The Diamond Anvil

The first diamond anvil cell at the NIST Museum, from The Diamond Anvil Pressure Cell [pdf] by Gasper J. Piermarini and Stanley Block

The Diamond Anvil is a simple lab device that scientists use to create pressures as great as those found at the center of the Earth. It's called that because it actually uses diamonds - one of the hardest substances known to man - to squeeze things at pressures as high as 300 gigapascals or 43,500,000 psi.

The principle behind the diamond anvil is quite simple: put something between the flat surfaces of two brilliant-cut diamonds in a contraption like the one shown in the left below, and then turn the screws to push the diamonds together. Whatever is placed between the diamonds is then pressurized. But don't get excited about the diamond: they're just about a third of a carat big.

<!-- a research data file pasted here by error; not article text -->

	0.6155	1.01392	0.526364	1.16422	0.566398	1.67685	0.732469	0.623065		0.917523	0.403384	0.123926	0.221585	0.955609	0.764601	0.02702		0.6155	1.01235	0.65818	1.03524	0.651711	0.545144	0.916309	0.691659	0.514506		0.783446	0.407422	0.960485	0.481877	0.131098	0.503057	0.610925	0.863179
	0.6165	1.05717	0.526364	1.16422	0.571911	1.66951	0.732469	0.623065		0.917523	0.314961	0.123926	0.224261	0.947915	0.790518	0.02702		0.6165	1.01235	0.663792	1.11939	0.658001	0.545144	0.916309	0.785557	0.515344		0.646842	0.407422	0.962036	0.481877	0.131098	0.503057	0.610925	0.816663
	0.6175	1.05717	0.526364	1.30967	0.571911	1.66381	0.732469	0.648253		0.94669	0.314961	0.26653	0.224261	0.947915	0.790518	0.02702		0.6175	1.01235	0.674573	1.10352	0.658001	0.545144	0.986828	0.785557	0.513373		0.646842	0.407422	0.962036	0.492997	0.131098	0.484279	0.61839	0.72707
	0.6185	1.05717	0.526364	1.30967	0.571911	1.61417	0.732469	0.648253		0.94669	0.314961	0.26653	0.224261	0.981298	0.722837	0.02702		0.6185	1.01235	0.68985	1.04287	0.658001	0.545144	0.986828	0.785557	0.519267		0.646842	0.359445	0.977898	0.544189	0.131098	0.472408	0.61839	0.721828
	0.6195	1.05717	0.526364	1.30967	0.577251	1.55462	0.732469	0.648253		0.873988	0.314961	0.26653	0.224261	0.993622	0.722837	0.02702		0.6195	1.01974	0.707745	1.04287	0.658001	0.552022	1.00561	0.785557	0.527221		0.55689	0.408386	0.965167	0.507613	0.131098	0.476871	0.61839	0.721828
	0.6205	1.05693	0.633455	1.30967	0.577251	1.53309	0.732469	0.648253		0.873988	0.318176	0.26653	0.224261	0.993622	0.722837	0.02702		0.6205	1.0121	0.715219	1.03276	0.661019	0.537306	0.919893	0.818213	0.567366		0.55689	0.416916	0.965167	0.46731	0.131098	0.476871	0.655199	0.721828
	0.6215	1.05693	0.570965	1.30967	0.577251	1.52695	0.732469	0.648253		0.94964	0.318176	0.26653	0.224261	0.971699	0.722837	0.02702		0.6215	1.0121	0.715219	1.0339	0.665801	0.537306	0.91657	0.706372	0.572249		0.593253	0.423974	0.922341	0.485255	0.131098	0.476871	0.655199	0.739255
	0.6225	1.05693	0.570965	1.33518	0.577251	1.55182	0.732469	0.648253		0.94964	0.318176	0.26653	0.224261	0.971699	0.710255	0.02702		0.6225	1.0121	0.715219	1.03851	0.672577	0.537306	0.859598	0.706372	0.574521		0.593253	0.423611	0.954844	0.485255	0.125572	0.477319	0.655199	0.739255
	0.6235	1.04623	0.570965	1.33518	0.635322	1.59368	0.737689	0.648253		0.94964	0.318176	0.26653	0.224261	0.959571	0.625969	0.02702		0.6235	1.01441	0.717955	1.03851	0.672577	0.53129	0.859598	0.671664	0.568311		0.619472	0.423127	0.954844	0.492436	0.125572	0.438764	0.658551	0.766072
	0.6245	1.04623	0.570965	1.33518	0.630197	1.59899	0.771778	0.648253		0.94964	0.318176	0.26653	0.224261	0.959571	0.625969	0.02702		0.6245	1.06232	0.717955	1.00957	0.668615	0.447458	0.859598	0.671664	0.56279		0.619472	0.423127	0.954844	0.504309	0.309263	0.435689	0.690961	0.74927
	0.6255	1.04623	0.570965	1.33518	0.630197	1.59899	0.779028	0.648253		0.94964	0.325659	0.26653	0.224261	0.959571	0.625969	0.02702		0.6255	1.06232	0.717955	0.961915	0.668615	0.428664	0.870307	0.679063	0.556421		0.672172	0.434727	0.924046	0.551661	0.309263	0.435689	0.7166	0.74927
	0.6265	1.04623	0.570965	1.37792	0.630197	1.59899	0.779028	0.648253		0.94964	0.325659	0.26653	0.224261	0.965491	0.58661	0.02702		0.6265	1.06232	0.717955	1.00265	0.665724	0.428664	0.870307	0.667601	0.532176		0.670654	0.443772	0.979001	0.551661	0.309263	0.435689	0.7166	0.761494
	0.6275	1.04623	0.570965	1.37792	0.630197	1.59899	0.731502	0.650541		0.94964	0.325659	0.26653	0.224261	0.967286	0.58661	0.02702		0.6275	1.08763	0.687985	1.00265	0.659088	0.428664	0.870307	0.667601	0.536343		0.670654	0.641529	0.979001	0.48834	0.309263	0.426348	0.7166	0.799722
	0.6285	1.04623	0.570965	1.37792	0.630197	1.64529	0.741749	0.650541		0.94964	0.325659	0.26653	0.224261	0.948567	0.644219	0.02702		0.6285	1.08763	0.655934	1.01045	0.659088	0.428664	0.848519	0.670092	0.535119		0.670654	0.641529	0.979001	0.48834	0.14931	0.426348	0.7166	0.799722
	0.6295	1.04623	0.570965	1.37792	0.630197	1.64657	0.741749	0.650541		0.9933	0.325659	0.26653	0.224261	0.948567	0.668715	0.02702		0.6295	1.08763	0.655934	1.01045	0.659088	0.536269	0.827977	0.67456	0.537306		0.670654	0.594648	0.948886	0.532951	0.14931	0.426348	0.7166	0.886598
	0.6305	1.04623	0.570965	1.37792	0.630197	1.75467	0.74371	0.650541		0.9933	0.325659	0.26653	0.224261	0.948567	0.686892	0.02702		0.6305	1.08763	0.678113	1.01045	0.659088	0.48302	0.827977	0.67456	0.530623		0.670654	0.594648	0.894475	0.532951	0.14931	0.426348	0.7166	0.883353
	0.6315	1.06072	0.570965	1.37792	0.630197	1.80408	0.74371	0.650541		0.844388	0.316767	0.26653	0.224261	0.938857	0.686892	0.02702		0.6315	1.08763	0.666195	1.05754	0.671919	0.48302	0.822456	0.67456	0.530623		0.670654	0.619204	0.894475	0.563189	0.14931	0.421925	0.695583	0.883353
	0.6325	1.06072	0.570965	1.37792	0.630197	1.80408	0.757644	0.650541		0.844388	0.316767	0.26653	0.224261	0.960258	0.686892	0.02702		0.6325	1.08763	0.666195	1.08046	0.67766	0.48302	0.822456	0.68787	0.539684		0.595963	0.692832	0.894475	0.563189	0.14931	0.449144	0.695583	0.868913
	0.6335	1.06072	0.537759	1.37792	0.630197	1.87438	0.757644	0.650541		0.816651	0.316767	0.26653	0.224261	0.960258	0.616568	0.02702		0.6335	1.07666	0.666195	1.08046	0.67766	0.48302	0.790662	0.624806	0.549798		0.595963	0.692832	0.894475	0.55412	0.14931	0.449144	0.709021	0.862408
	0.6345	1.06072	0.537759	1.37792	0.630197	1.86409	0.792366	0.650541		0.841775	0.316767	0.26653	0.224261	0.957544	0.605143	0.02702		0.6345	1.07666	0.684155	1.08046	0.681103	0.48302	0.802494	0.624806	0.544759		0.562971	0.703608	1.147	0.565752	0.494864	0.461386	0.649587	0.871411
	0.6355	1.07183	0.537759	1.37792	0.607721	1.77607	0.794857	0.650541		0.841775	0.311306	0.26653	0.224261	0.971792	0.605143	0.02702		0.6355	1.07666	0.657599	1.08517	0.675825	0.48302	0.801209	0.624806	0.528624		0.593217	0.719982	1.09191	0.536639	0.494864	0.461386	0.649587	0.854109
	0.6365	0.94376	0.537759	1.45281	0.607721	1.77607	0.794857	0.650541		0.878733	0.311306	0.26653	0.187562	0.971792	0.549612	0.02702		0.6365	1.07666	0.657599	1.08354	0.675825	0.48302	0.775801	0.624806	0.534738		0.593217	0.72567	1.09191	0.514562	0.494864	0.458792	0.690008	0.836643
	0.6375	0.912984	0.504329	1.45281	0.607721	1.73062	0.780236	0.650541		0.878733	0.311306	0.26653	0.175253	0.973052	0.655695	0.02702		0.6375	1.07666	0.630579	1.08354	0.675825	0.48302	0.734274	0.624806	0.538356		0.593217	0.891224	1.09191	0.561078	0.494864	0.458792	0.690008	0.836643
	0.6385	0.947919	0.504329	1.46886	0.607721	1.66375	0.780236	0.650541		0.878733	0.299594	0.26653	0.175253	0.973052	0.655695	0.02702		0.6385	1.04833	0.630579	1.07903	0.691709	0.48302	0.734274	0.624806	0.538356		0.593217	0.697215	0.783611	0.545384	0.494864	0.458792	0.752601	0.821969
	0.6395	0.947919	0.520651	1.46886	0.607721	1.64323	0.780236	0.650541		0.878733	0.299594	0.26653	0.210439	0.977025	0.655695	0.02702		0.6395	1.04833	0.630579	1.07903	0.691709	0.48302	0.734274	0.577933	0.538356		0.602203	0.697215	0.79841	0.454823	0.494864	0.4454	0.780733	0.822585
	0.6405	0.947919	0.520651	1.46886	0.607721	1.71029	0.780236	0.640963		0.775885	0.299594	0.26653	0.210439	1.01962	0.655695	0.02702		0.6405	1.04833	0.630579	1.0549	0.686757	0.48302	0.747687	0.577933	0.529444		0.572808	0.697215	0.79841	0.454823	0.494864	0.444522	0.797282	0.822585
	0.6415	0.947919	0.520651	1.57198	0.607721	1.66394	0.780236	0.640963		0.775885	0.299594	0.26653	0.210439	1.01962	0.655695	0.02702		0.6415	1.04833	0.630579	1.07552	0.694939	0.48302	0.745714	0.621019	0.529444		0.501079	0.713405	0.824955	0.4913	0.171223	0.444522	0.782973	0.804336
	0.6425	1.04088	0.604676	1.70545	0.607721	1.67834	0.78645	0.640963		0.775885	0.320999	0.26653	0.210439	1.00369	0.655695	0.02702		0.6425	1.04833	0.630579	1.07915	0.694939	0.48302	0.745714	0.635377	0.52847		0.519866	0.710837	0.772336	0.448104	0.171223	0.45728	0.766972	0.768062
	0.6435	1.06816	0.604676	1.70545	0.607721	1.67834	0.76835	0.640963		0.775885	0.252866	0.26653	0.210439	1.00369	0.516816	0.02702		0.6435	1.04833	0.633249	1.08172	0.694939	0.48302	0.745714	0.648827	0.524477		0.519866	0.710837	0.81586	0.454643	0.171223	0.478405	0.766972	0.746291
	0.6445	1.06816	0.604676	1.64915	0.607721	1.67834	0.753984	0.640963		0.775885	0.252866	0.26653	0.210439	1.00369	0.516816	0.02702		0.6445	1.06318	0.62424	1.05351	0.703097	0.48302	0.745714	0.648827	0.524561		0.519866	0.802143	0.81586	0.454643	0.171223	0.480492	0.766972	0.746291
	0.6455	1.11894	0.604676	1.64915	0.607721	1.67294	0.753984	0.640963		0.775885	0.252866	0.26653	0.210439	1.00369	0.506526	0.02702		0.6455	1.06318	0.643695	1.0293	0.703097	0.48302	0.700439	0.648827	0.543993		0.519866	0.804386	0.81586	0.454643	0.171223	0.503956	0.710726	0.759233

(L) Cross section of a diamond anvil cell/Wikipedia (R) Scanning electron micrograph of the diamond anvil/Lawrence Livermore National Laboratory

The very first Diamond Anvil Cell was handmade by Charles E. Weir in the late 1950s at the National Bureau of Standards. He used regular shop equipments like a lathe, drill press, hack saw, soldering gun, threading tools, files, and a high speed grinding wheel to polish down the diamonds to form the anvil faces. He got the diamond for free, from smuggled contraband diamonds confiscated by the government.

Source: The Diamond Anvil Pressure Cell [pdf] by Gasper Piermarini and Stanley Block.

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